- Finance minister calls for robust approach on migrant issue
- European Union countries still split over solution to crisis
The European Union’s refugee emergency is a bigger threat than Greece, Austria’s finance minister said, calling for the bloc’s members to confront the issue with the same tenacity they showed when tackling the economic crisis.
“This problem is a bigger problem than Greece, and it’s a problem that will take much longer to solve,” Austrian Finance Minister Hans Joerg Schelling said Tuesday at a conference sponsored by Euromoney in Vienna. “For example on Greece, we had 21 meetings in one year to solve the problems. I would be happy if the interior ministers would have 21 meetings on the European level to solve the problem of the refugees.”
Some EU governments are hardening their stance against accepting migrants following last year’s arrival of more than a million people, mainly from the Middle East. While German Chancellor Angela Merkel is struggling to quell a revolt in her party against her policy of keeping Germany open, Austrian Foreign Minister Sebastian Kurz said Monday his country must set a ceiling on the number of people it can accept. Fewer refugees would arrive if Germany, Sweden and his country closed their borders, he told Germany’s ZDF television.
Merkel is seeking a deal within the bloc to resettle asylum seekers and help Turkey care for more than 2 million refugees from the conflict in neighboring Syria. Members in the bloc’s ex-communist east have rejected a deal establishing quotas on how many migrants they are obliged to accept. Hungary and Slovenia have also built fences to partially close off their borders from migrants traveling via Turkey through Greece and the former Yugoslavia to richer EU states to the north.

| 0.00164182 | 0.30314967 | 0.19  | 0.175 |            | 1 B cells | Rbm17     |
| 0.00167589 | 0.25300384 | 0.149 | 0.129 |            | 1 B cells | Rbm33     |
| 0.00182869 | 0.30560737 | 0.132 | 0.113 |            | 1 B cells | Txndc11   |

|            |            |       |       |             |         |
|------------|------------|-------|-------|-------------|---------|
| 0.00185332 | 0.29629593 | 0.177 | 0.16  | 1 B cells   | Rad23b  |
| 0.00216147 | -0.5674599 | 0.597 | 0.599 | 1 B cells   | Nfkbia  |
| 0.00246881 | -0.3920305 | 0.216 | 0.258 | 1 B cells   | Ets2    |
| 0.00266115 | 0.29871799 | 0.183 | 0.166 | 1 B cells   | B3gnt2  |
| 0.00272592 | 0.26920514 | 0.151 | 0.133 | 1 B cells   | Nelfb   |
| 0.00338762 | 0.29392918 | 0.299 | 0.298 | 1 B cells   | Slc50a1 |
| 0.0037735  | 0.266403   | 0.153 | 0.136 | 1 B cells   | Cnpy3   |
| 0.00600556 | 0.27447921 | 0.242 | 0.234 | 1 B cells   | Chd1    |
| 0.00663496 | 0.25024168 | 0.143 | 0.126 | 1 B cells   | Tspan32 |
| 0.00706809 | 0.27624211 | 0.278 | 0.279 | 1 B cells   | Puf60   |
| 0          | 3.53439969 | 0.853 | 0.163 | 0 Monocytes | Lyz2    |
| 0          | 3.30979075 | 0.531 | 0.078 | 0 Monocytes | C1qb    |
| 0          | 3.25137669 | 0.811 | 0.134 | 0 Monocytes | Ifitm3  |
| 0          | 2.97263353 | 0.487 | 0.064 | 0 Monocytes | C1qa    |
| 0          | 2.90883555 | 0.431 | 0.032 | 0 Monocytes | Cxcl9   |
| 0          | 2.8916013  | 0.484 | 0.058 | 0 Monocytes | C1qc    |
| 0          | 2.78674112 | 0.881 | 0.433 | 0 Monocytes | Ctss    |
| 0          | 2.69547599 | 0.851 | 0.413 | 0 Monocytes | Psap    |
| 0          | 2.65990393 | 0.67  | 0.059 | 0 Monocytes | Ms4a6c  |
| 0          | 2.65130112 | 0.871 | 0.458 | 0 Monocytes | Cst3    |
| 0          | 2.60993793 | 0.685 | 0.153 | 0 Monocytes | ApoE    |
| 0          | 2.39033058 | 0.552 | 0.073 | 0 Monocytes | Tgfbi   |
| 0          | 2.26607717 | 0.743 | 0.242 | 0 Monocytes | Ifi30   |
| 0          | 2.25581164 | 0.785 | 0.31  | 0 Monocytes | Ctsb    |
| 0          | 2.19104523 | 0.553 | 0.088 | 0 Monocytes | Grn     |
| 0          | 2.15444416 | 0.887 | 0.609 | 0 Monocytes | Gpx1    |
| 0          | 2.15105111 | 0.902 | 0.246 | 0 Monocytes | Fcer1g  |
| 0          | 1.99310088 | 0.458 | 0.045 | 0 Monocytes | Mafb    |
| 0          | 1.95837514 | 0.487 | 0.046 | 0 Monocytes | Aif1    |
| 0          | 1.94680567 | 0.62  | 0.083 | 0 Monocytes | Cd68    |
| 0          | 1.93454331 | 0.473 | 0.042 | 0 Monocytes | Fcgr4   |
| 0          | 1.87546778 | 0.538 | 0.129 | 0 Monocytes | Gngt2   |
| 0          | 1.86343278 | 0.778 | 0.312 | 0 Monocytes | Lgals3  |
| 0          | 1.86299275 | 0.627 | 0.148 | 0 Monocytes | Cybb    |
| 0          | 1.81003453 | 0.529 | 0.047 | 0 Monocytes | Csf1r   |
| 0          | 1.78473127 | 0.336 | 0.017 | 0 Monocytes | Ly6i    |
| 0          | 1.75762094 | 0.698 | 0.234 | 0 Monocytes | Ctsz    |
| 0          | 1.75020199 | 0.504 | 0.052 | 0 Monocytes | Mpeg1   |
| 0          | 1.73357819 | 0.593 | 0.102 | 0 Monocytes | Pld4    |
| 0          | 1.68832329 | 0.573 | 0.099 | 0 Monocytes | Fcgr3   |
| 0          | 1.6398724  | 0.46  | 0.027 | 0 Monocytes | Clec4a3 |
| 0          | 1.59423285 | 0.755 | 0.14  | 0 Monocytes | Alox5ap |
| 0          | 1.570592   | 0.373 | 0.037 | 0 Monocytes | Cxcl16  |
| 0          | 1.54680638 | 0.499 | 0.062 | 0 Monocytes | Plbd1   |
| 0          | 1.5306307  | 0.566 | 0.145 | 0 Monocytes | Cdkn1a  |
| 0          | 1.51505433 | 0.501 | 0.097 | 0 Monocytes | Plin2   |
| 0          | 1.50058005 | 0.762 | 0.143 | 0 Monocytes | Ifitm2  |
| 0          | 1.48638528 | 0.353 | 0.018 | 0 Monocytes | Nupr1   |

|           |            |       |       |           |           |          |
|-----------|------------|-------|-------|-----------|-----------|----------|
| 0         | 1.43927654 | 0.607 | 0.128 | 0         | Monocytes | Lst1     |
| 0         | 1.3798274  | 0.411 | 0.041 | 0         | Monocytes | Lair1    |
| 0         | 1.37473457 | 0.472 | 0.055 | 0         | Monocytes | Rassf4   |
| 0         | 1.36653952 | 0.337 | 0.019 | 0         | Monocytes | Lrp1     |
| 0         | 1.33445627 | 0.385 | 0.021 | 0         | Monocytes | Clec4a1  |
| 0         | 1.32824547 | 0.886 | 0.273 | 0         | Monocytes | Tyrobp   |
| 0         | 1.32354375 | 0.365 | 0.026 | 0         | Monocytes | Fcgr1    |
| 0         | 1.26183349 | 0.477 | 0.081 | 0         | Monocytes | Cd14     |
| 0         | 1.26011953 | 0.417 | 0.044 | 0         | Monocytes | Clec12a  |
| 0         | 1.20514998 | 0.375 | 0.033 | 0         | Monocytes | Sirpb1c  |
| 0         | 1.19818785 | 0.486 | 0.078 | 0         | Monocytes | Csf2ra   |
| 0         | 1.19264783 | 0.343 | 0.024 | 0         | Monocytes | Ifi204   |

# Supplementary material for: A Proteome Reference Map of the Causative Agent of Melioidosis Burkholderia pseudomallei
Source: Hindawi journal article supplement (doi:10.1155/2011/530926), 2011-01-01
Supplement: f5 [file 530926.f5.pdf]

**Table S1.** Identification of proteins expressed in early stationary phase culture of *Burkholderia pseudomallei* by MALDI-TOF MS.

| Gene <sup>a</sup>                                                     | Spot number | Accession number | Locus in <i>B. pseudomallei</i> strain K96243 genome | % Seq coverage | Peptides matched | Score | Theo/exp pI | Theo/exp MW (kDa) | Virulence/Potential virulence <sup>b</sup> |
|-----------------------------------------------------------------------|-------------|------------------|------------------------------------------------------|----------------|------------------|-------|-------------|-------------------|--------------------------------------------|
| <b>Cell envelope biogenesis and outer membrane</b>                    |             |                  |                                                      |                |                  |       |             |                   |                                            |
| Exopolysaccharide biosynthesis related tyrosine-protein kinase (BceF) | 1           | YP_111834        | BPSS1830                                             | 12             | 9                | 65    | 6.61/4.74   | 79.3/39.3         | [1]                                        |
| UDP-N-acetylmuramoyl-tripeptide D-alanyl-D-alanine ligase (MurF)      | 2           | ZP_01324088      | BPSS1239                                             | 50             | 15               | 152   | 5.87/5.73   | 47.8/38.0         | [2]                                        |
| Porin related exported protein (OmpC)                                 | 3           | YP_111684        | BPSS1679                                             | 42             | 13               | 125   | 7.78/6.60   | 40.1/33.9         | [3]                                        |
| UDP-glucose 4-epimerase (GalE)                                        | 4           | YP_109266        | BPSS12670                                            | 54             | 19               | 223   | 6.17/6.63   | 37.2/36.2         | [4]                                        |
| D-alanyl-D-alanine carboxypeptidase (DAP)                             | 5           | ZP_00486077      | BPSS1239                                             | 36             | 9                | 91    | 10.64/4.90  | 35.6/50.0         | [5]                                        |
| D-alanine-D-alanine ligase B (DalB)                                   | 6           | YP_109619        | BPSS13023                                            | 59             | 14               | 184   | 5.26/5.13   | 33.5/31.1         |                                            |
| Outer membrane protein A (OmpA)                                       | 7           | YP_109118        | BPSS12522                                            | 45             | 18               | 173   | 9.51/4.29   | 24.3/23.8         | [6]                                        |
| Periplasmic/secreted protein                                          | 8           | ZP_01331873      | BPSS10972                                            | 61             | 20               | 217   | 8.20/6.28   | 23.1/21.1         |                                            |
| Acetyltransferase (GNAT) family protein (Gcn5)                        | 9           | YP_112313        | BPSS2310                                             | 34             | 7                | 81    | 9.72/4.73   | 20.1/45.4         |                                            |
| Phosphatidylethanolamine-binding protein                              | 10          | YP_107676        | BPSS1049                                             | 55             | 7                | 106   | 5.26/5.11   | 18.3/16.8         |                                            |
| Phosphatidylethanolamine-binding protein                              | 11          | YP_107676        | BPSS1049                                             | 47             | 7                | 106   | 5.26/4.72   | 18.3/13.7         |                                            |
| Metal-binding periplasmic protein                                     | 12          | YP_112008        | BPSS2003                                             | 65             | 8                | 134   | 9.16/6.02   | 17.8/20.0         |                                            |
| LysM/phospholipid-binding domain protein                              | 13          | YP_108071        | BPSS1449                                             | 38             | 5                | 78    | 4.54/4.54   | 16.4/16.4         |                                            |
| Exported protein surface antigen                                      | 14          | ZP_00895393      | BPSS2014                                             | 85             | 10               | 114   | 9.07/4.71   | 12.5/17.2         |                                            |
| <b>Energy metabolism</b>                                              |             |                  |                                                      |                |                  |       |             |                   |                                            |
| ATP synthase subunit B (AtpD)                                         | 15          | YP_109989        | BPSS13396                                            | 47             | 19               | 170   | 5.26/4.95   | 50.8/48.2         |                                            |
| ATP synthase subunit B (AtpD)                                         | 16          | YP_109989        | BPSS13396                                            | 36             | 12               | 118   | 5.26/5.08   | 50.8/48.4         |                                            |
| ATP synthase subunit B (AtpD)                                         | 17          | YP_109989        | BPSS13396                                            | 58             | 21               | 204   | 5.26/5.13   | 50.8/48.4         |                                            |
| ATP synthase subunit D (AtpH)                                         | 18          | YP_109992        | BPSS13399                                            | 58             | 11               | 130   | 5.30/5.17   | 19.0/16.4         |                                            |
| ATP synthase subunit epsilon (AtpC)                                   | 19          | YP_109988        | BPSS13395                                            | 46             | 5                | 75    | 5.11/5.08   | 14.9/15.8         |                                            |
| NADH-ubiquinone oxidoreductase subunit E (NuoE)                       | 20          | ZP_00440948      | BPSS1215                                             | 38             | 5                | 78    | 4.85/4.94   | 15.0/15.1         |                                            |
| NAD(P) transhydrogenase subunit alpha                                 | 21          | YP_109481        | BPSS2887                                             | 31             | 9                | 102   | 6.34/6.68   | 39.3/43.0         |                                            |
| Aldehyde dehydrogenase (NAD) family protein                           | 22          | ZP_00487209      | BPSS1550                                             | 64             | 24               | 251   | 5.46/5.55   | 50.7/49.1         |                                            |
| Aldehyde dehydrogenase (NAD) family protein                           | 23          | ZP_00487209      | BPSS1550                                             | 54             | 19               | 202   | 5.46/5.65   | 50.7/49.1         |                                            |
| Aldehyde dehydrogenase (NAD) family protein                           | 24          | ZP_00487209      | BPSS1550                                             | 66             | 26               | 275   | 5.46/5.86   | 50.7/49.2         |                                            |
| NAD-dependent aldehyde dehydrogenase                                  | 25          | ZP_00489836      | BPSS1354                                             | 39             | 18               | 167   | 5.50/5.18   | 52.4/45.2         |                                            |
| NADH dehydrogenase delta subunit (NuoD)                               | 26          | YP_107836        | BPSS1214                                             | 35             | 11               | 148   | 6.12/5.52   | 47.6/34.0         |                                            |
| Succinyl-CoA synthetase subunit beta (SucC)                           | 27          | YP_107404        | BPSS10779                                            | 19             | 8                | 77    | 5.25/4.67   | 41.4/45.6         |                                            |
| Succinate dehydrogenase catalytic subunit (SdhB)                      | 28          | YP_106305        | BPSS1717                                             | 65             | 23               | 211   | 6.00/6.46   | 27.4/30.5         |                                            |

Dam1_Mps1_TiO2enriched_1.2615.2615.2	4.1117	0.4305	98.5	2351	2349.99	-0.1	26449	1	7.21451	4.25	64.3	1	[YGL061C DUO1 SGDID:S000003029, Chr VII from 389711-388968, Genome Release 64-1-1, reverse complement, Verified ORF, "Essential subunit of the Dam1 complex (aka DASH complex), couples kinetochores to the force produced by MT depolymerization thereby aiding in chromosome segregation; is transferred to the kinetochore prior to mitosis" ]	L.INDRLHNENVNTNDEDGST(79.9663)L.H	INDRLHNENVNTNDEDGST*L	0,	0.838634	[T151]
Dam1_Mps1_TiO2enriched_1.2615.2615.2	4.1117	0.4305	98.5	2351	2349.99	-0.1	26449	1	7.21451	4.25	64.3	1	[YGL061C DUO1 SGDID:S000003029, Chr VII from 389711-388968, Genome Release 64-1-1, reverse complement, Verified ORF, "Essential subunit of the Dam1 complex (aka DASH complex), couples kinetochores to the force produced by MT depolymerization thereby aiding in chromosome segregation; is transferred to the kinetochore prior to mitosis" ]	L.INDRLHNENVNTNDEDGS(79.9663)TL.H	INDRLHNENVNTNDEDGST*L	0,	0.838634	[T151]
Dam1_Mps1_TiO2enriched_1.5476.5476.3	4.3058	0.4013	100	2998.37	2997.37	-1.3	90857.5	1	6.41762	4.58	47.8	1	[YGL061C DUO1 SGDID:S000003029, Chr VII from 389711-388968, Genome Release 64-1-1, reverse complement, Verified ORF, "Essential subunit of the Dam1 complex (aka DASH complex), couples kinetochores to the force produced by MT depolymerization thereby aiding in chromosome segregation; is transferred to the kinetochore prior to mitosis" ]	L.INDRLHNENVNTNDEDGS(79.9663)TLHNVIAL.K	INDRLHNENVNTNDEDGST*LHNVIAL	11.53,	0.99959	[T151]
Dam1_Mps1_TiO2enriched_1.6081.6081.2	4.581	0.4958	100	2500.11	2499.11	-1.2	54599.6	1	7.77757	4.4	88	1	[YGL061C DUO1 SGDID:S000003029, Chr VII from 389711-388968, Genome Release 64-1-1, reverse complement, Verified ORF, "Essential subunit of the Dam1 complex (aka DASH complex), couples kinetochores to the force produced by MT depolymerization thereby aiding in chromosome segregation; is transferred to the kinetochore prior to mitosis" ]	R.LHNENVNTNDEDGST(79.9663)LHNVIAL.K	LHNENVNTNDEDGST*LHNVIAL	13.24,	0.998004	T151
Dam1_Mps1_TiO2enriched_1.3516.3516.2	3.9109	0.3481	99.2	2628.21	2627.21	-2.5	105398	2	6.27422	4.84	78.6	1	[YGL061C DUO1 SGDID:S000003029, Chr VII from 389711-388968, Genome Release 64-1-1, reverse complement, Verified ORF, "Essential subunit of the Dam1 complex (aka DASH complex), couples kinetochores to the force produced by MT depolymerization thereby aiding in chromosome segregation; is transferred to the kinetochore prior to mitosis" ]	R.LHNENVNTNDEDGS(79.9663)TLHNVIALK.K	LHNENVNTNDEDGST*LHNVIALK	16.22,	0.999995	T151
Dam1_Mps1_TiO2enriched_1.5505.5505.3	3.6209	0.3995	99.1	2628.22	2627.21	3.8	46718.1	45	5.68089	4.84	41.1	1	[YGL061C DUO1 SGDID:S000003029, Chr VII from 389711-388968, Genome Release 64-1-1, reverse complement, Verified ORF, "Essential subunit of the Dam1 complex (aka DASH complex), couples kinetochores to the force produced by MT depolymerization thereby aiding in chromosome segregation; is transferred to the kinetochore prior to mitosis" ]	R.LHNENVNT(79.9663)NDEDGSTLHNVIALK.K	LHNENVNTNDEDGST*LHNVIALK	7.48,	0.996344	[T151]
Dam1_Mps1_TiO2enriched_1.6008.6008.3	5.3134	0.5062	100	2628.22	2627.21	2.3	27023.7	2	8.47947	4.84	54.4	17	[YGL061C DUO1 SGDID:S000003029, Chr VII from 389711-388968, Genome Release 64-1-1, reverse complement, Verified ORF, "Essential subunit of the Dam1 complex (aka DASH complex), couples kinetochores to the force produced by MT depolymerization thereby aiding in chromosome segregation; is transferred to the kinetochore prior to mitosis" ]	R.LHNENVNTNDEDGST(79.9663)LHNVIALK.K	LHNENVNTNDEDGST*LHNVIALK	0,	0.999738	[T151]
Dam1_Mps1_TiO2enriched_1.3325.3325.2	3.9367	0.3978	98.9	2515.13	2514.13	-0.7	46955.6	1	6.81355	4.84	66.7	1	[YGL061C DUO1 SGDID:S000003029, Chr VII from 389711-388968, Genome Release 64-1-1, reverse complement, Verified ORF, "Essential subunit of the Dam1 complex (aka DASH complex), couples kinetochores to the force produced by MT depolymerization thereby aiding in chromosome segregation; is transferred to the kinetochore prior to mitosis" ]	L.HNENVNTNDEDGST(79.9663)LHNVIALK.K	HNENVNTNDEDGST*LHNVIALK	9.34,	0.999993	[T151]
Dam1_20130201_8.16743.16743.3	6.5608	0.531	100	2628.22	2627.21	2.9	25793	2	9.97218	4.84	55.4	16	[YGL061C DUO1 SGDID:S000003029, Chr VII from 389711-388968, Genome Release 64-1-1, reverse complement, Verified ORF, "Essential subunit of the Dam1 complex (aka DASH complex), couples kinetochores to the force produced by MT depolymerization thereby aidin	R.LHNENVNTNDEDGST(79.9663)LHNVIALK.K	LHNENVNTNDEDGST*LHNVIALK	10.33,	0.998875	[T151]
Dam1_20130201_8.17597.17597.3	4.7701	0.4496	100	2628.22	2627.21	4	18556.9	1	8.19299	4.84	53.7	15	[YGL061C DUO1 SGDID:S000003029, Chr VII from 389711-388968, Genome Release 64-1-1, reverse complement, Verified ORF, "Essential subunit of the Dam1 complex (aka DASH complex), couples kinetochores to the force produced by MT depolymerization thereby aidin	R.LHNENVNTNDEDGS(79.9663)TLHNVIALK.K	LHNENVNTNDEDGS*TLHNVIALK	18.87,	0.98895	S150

Austria is stepping up border checks because control of the EU’s external borders “isn’t working the way we’d like it to,” Chancellor Werner Faymann said in Vienna on Tuesday. Rising support for the anti-immigration Freedom Party and a tougher stance by its coalition partner, the conservative People’s Party, are raising pressure on Faymann after asylum requests in Austria tripled to 90,000 last year. He has so far rejected putting a limit on refugees and has instead called for more burden sharing on the continent.
“We’ve said often enough that Austria can’t exercise the right to asylum for the whole of Europe, not even together with Germany and Sweden,” Faymann said. “There’s no sensible way that could replace a common European policy.”
Poland, Hungary, Slovakia and the Czech Republic have rejected mandatory quotas obliging them and other EU states to accept a specific number of migrants each year. At a meeting of the countries’ interior ministers in Prague on Tuesday, the Czechs’ Milan Chovanec said only the protection of the bloc’s outer borders would stop illegal migrants and that the EU must ensure the functioning of “hot spots” where it can detain migrants and prevent their further travel until they’ve been documented, CTK news service reported.
The EU’s uncoordinated approach is threatening to trigger a “domino effect” of border closings and may provoke “bilateral misunderstandings and possibly more serious tensions” among EU countries, Slovenian Prime Minister Miro Cerar said in a letter to the bloc’s executive commission on Monday. He urged EU members to step up assistance to Greece, the main migrant entry point from Turkey and said that Macedonia, Greece’s non-EU northern neighbor, needed help to become a “second line of defense.”
Wolfgang Schaeuble, Merkel’s finance minister, warned last week that the Schengen free-movement area is on the verge of collapse as EU countries quarrel over how to cope with record arrivals. The EU says Europeans make over 1.25 billion journeys every year within the Schengen zone, which comprises 26 countries from the Barents Sea to the eastern Mediterranean, including some such as Iceland and Norway that aren’t part of the EU.